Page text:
On the eve of an encryption meeting between the FBI and major technology companies, a tiny Tennessee firm has won U.S. approval to export its new software that contains encryption of up to 448 bits, far stronger than most current crypto export licenses.
CyberAngel, a desktop encryption software for networked computers, includes the ability for an employer to recover data encrypted by a user. Law enforcement could similarly get access to encrypted data with a court order.
But unlike encryption products, CyberAngel's key to unlock one user's data is unique to that individual, W. Dyrk Halstead, Computer Sentry's CEO, said. Thus, giving the government the key for one user's data does not allow investigators to look at anyone else's data.
"There is no back door, no universal key, no key on file with the government. We can provide [a back-up key] so it is computer-specific," Halstead said. The product associates a user's password with an encryption key, giving either a company or Computer Sentry, which runs a service that tracks use of PCs it has registered.
Although Halstead insists the timing of the announcement is not connected to tomorrow's crypto conference, federal officials may use it to bolster their position.
"The department has found a win-win solution for the government and the U.S. software industry with Computer Sentry Software's encryption product," William Reinsch, undersecretary of the Commerce Department's bureau of export administration, said in a statement.
"The Commerce Department is dedicated to working with software companies like CSS to sustain and improve the United States' global competitive position for encryption products," Reinsch's statement said.
Tomorrow's meeting will bring Justice Department officials, FBI director Louis Freeh, (a staunch advocate of tight controls on encryption exports to give law enforcement a way to see encrypted data with a court order), and industry executives together. Companies expected to attend include America Online, AT&T, Netscape Communications, Microsoft, MCI Communications, Novell, and Sun Microsystems, among others.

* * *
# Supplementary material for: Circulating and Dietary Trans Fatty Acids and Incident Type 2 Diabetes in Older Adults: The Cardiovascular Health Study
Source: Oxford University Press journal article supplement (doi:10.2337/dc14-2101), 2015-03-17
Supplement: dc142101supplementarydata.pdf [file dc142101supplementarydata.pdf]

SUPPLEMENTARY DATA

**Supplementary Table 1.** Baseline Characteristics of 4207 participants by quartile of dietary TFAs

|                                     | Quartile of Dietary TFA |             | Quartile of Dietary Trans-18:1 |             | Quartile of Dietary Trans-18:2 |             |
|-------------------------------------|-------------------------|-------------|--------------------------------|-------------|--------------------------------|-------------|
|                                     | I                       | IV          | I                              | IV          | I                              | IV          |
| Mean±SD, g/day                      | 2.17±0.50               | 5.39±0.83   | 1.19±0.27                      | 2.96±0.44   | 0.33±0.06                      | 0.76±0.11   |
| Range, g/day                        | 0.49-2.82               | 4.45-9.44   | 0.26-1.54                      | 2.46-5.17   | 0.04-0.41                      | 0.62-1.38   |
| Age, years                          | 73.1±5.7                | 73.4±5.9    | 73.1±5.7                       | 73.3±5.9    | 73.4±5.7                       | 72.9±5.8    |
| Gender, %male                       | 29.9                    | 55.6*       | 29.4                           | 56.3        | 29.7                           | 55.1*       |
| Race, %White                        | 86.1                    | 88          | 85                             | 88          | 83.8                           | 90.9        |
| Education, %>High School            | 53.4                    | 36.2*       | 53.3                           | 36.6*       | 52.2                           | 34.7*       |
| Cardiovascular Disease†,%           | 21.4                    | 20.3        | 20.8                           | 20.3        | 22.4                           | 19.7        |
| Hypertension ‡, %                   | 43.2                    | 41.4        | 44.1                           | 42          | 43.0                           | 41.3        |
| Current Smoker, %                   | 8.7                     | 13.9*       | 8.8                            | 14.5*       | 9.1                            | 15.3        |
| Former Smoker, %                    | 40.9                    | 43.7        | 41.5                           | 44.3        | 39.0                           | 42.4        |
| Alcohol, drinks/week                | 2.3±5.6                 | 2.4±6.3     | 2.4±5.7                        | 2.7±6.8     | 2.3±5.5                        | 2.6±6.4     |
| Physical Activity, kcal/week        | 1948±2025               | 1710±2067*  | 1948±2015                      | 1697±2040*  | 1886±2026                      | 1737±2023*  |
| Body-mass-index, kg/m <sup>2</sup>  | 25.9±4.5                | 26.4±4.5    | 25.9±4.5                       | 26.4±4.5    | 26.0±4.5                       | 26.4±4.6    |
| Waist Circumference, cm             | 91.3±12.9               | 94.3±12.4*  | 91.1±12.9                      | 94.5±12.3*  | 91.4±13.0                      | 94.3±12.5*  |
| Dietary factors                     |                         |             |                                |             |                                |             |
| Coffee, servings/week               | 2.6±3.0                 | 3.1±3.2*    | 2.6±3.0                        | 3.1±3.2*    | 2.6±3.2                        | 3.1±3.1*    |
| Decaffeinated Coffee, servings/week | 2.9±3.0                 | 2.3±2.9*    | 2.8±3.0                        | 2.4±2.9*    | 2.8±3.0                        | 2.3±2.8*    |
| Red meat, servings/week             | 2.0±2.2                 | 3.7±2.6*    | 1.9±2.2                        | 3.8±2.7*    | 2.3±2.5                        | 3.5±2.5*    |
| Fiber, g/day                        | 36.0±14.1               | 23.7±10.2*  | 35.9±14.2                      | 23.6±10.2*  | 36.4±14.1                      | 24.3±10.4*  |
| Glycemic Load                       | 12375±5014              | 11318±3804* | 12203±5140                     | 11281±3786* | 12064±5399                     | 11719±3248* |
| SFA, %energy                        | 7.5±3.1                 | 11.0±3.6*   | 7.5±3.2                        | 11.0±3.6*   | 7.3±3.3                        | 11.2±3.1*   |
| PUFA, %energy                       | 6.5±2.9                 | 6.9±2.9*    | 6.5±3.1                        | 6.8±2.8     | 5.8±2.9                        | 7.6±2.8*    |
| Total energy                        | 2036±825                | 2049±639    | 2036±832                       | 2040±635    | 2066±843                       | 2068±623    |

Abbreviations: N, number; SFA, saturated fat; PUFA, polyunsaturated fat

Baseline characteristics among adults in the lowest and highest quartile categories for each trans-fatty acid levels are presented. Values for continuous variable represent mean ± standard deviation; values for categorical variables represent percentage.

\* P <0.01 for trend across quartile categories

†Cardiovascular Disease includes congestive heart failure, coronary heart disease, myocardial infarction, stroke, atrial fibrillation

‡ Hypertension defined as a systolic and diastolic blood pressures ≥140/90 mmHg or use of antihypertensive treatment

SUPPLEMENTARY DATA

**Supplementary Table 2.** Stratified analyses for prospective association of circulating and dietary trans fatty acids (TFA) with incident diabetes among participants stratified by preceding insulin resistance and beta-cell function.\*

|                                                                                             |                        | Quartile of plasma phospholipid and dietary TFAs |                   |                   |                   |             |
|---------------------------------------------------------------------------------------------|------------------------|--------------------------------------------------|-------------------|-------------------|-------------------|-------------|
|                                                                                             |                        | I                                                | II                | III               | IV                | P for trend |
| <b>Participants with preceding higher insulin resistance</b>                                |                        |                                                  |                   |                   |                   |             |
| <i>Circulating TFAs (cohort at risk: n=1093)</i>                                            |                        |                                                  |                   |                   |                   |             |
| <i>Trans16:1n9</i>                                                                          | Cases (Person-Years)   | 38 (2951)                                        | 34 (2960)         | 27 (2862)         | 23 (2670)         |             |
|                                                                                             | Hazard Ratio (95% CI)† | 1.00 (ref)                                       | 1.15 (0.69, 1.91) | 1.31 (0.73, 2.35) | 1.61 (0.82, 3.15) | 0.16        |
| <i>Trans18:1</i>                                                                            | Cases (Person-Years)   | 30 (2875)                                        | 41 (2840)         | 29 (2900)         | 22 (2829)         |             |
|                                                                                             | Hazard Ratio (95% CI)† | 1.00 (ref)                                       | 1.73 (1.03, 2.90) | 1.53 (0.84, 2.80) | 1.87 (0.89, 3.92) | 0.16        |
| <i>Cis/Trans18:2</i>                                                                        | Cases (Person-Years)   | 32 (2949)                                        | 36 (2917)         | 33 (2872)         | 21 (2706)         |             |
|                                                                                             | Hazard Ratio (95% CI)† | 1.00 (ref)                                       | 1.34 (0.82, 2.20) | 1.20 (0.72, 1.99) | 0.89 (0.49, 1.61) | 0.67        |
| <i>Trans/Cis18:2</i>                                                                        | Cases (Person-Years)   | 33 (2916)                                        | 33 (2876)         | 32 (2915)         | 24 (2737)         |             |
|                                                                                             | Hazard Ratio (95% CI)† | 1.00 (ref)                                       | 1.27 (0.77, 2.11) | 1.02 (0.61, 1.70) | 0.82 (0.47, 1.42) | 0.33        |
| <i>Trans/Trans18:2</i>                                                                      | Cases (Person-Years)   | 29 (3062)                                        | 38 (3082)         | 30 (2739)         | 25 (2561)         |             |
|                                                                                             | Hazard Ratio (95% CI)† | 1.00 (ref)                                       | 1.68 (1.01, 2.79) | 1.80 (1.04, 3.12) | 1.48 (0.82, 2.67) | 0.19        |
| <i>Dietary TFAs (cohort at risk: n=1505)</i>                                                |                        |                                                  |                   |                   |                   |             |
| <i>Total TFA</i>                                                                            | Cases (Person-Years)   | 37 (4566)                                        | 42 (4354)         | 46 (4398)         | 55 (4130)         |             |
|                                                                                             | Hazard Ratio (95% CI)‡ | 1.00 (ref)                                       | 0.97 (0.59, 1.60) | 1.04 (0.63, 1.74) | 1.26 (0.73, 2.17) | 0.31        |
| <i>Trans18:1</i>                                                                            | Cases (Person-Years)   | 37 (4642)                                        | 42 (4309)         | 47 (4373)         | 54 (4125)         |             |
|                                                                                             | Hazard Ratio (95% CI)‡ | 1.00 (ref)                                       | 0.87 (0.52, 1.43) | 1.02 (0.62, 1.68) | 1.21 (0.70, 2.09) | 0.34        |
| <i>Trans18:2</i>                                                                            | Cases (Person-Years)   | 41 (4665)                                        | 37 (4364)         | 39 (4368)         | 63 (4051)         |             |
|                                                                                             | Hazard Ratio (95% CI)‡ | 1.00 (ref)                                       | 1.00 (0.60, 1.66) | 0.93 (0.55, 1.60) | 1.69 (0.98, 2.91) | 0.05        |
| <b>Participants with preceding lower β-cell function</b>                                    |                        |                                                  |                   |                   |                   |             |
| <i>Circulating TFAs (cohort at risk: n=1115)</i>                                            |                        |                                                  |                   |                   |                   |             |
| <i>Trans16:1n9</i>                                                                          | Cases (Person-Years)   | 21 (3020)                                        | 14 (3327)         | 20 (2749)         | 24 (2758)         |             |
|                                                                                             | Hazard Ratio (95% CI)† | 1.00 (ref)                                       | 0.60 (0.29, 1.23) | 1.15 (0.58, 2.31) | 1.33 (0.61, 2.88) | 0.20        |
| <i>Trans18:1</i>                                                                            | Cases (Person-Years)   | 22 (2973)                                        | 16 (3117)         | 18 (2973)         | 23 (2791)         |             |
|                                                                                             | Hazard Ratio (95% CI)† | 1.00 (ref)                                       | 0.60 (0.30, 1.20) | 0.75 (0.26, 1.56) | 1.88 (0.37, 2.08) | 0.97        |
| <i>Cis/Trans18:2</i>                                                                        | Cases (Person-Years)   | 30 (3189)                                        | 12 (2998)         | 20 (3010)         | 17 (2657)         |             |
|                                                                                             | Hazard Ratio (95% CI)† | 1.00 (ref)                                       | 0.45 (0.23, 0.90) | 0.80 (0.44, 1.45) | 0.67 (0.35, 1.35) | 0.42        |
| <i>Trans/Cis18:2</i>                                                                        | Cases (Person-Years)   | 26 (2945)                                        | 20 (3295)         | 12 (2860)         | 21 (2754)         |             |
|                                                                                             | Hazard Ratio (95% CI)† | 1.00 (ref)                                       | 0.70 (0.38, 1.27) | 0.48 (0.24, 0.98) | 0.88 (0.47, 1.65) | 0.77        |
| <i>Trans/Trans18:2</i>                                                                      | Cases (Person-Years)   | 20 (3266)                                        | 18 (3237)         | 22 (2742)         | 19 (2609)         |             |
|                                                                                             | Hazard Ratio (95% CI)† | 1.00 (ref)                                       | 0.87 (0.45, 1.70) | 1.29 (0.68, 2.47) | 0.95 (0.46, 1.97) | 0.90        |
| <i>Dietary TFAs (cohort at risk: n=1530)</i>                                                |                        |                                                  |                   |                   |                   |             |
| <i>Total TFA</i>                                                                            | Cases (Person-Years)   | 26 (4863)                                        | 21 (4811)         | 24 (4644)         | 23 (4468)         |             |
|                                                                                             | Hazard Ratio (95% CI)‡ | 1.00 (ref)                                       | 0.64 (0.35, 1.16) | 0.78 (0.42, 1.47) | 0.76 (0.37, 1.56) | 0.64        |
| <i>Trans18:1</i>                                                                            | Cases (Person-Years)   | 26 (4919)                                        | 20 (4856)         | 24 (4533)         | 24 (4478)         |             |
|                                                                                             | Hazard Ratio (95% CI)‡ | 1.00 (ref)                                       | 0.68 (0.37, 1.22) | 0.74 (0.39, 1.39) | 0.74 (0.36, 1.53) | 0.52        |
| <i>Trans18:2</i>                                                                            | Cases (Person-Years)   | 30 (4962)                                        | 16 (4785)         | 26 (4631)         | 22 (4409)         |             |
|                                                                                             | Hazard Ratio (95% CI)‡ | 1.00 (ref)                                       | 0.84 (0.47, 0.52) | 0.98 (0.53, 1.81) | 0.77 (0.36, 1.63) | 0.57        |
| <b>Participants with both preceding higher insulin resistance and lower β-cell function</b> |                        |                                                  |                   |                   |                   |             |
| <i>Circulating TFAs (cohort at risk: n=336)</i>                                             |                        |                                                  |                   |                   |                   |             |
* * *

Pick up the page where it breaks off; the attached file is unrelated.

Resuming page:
Sen. Dianne Feinstein (D-California) and Sen. Jon Kyl (R-Arizona) reportedly arranged the meeting . Last fall, they backed the FBI's request for mandatory key-recovery systems in domestic encryption products, a move that angered Silicon Valley and privacy groups.
Hopes have dimmed for a legislative solution this year to the encryption debate, but groups like Americans for Computer Privacy (ACP), which includes industries that use encrypted software, have been in discussions with White House officials to negotiate a compromise.
"My feeling is that the current export policies are not going to undergo any material change any time soon," Halstead said. Computer Sentry developed the capability to recover just one user's data for its product and that export approval, while important for overseas sales, came as an added bonus. Approval by the Commerce Department took about three months, he added.
To use Computer Sentry's system, a user must provide the right password on the proper machine at the correct time when signing on to use either the computer or the encrypted data on its hard drive. Otherwise an alert is sent to whomever is monitoring the machine to warn of an unauthorized effort to access the machine or data.
CyberAngel EXR offers three encryption algorithms: 448-bit "Blowfish," 128-bit EMD-2 and 56-bit DES, the U.S. government's Data Encryption Standard.